Charlotte Elisheva Fonrobert
I remember my first encounter with the Babylonian Talmud (BT) as a seminary student. It was during my second semester studying at a Protestant seminary in Berlin, with one semester of biblical Hebrew under my belt. A doctoral student taught a course on pereq heleq , the eleventh chapter of Tractate Sanhedrin that bundles the plenitude of messianic speculations and ideas of the rabbinic cross-generational and transgeographic collective into one long exposition. The didactic purpose of that course had been to explore the Jewish messianic expectations that supposedly produced Jesus of Nazareth, son of David, the anointed one.
At that time, I approached the talmudic text as a believer, as someone searching not just for historical knowledge, or merely out of crosscultural curiosity, but as someone who wanted to understand how the tradition I had grown up with (German Congregational Protestantism) could come to believe that this man from the hinterland region of the Galilee was the messiah, and even the son of God. Somewhere in those texts there had to be a secret that waited to be unlocked.
To this day, I am grappling with understanding the magic attraction that the talmudic text exerted on me in that first encounter. I have long since given up on the Christian myth, but my love of the talmudic text and, to a certain degree, even my naïve passion as a believer remain. And as with any magic — which is to say irrational or transrational attraction — it cannot be grasped in its totality lest it lose its hold.
But surely one aspect would be this: the willingness of the text to remain incomplete, to forsake authority, to leave the final word unsaid; and the insistence of the text that no one, neither Rabbi Akiva, nor Rabbi Yehudah ha-Nassi, nor Rav Ashi, and certainly no one of us — so many centuries later — will have the final word. And none of them, certainly not in pereq heleq , was granted the aspiration to or satisfaction of a magnum opus that says it all, not a City of God , no “life,” or “confession.” The truth does not abide with someone, with any one person; it is born from the principled discussion between two or more people. It is born from keeping the discussion going, restaging it. And this intuitive perception of the talmudic rhetoric, I experience as profoundly liberating. The Talmud gave me disagreement, dispute, and conversation where early Christian theologians gave me dogmatic claims to the truth.
Somewhere in that long eleventh chapter of Tractate Sanhedrin, the talmudic text records (or constructs) the following dispute about redemption between Rav and Shmuel, the earliest Babylonian inheritors (or promoters) of the Mishnah; one is from Sura, the other from Nehardea.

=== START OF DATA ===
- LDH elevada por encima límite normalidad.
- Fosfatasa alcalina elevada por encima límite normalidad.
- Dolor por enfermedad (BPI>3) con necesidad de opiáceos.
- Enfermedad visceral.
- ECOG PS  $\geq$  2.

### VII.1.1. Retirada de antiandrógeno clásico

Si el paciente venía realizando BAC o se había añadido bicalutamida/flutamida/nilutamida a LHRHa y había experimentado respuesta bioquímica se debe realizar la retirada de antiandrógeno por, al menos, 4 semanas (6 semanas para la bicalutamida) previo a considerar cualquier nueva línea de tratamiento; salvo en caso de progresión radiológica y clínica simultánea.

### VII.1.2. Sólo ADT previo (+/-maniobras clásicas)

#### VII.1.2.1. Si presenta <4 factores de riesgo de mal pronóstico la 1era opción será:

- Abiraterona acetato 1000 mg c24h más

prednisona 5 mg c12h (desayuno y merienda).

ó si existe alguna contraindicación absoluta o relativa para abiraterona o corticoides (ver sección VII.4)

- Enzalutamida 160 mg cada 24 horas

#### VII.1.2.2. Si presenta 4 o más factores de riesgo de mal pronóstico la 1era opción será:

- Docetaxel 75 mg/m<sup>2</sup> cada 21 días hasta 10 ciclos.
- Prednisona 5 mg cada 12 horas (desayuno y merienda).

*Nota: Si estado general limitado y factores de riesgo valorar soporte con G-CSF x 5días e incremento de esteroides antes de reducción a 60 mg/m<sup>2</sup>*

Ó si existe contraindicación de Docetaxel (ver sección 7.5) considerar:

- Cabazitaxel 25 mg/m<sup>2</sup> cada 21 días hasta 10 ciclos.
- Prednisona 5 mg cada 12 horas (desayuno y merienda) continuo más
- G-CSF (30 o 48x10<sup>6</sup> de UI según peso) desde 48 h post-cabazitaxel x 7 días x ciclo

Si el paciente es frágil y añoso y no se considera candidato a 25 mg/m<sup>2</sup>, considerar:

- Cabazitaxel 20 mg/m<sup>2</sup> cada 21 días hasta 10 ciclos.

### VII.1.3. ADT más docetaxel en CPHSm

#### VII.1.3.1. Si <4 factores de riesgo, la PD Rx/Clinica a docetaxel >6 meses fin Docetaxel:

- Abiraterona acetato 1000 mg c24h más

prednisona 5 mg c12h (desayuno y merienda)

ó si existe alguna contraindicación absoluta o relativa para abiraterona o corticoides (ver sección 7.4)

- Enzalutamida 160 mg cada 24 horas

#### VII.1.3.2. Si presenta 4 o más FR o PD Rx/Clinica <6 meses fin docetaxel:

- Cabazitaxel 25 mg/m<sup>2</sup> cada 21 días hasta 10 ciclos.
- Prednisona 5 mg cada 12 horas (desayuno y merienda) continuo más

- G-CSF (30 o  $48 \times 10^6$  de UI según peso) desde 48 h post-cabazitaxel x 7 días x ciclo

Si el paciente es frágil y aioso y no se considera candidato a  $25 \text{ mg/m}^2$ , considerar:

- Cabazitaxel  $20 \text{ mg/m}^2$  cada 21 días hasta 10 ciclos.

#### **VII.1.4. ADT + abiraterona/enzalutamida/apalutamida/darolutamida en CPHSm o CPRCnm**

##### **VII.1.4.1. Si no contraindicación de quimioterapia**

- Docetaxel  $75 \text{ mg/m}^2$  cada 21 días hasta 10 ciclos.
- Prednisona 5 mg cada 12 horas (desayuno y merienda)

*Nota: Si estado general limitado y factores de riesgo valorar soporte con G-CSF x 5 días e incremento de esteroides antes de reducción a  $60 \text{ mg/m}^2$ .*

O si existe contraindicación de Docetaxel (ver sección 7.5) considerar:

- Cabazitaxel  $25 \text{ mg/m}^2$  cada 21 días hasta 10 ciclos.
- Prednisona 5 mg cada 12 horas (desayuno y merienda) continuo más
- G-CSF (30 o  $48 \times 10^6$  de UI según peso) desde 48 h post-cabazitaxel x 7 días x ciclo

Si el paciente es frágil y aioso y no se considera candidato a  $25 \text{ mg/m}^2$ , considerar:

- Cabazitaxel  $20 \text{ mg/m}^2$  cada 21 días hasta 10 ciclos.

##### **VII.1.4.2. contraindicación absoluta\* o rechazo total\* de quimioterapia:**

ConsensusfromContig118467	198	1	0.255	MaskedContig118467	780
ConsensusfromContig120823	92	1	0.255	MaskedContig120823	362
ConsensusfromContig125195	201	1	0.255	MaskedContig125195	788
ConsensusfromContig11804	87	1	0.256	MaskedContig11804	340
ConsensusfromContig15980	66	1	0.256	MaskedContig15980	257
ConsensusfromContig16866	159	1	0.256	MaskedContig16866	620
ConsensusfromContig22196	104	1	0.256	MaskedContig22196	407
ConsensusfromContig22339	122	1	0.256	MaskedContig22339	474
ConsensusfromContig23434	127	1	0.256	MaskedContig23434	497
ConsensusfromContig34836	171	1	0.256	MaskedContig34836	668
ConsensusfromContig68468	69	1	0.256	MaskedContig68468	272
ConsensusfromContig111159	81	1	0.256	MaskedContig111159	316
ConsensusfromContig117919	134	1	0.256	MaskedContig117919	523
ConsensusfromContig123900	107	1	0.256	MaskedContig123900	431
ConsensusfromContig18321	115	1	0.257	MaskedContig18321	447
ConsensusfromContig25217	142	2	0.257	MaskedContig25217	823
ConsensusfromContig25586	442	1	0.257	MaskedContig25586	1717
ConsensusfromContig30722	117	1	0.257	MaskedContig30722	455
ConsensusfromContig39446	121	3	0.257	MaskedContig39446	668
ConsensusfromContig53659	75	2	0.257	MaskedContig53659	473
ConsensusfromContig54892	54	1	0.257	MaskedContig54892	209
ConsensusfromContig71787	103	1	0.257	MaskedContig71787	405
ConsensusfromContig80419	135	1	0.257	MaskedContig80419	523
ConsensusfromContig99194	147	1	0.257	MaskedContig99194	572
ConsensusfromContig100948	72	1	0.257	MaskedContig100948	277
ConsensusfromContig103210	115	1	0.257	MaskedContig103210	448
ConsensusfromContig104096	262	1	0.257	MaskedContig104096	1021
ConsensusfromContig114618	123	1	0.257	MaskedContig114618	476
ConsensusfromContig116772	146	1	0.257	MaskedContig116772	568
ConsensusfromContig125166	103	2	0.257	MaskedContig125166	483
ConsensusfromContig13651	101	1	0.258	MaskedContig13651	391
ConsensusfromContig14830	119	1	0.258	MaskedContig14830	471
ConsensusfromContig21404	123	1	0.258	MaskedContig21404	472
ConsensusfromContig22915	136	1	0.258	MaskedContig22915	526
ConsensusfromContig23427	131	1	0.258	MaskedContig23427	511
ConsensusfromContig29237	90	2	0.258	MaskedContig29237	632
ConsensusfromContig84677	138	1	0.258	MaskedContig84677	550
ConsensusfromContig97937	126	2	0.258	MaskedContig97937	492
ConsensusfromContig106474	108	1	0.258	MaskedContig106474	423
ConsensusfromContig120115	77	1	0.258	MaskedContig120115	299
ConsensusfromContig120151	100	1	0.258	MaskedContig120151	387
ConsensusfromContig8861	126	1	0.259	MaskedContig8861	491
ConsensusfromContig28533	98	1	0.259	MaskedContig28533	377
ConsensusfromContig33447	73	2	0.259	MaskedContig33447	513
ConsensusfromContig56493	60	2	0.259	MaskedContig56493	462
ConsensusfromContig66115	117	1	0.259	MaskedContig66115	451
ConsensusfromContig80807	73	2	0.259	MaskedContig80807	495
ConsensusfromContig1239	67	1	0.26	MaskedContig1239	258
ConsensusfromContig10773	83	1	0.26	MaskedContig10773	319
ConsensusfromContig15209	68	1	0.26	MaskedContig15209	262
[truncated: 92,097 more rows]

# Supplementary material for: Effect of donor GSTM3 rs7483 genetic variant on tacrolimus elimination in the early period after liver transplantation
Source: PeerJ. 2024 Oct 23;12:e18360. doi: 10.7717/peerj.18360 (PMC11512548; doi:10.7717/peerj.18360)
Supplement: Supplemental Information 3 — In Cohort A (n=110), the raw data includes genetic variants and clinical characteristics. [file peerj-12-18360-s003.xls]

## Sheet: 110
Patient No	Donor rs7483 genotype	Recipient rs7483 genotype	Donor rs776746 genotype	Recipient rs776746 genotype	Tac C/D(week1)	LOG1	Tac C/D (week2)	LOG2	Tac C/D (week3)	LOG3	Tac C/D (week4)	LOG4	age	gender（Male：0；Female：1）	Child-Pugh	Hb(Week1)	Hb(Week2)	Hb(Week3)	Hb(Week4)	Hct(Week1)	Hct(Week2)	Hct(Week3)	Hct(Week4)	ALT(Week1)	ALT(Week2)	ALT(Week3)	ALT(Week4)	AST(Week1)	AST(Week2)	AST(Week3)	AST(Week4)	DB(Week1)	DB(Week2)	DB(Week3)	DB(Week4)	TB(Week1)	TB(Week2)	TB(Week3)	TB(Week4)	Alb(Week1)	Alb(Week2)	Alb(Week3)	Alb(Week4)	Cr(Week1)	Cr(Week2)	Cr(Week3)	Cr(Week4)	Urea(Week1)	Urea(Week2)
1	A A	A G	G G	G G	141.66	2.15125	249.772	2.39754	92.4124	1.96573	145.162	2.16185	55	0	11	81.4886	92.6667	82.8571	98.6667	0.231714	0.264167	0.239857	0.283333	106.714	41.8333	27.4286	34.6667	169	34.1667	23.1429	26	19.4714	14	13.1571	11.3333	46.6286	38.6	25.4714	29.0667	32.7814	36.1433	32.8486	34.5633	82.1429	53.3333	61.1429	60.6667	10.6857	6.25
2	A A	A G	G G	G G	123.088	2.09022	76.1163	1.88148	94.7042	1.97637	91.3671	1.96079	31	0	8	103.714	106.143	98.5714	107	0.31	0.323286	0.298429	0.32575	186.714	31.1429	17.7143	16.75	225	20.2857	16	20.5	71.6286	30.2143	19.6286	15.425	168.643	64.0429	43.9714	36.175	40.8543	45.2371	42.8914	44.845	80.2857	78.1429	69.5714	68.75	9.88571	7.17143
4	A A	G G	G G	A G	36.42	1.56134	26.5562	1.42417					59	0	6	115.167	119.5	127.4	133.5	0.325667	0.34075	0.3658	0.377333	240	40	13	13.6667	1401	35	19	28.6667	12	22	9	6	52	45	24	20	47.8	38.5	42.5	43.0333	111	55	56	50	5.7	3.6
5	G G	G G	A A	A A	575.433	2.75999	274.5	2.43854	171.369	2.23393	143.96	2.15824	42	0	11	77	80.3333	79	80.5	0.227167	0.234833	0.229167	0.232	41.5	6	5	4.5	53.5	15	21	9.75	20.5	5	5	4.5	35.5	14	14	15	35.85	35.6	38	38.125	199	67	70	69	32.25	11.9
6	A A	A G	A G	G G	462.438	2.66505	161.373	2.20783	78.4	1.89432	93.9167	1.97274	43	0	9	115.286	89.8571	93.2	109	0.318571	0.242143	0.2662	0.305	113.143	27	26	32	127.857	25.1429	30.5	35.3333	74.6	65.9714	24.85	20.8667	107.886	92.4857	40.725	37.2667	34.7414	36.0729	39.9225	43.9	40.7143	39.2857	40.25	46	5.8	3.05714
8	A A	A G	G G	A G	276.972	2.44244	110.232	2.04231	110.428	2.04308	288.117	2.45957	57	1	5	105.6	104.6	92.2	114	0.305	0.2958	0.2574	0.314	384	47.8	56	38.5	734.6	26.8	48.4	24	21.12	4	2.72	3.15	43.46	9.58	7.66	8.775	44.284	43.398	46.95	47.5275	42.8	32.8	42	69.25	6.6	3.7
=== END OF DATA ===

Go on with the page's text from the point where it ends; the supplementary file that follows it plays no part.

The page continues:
Rav said: All the predestined dates [for redemption] have passed, and the matter [now] depends only on repentance and good deeds. But Samuel maintained: it is sufficient for a mourner to keep his [period of] mourning. —BT Sanhedrin 97b
Here are two statements that express diametrically opposed views of the way of the world. Freely translating the language of redemption, ge’ulah , the Talmud remains committed to: either it matters what we do (repentance and good deeds), or it does not matter what we do (redemption will come about by itself, without human effort). In my first encounter with this passage, as a good Protestant seminary student, this dispute resonated deeply although not yet clearly, and I could easily read it as being born from profound theological sensibilities, potentially irreconcilable ones as we shall see in a minute.
But first this: the talmudic text, instead of lending authority to either Rav or Shmuel, proceeds to throw its weight behind the legitimacy of the disagreement itself, by underwriting it with an earlier, potentially more authoritative dispute, of which we will cite only a part.
A tradition from the time of the Mishnah taught:
Rabbi Eliezer said: “If Israel repent, they will be redeemed, as it is written, ‘Return, you backsliding children, and I will heal your backslidings’ (Jeremiah 3:22).” R. Joshua said to him: “But is it not written, ‘you have sold yourselves for nothing; and you shall be redeemed without money’? (Isaiah 52:3).” Meaning, you have sold yourselves for nothing, for idolatry; and you shall be redeemed without money — without repentance and good deeds.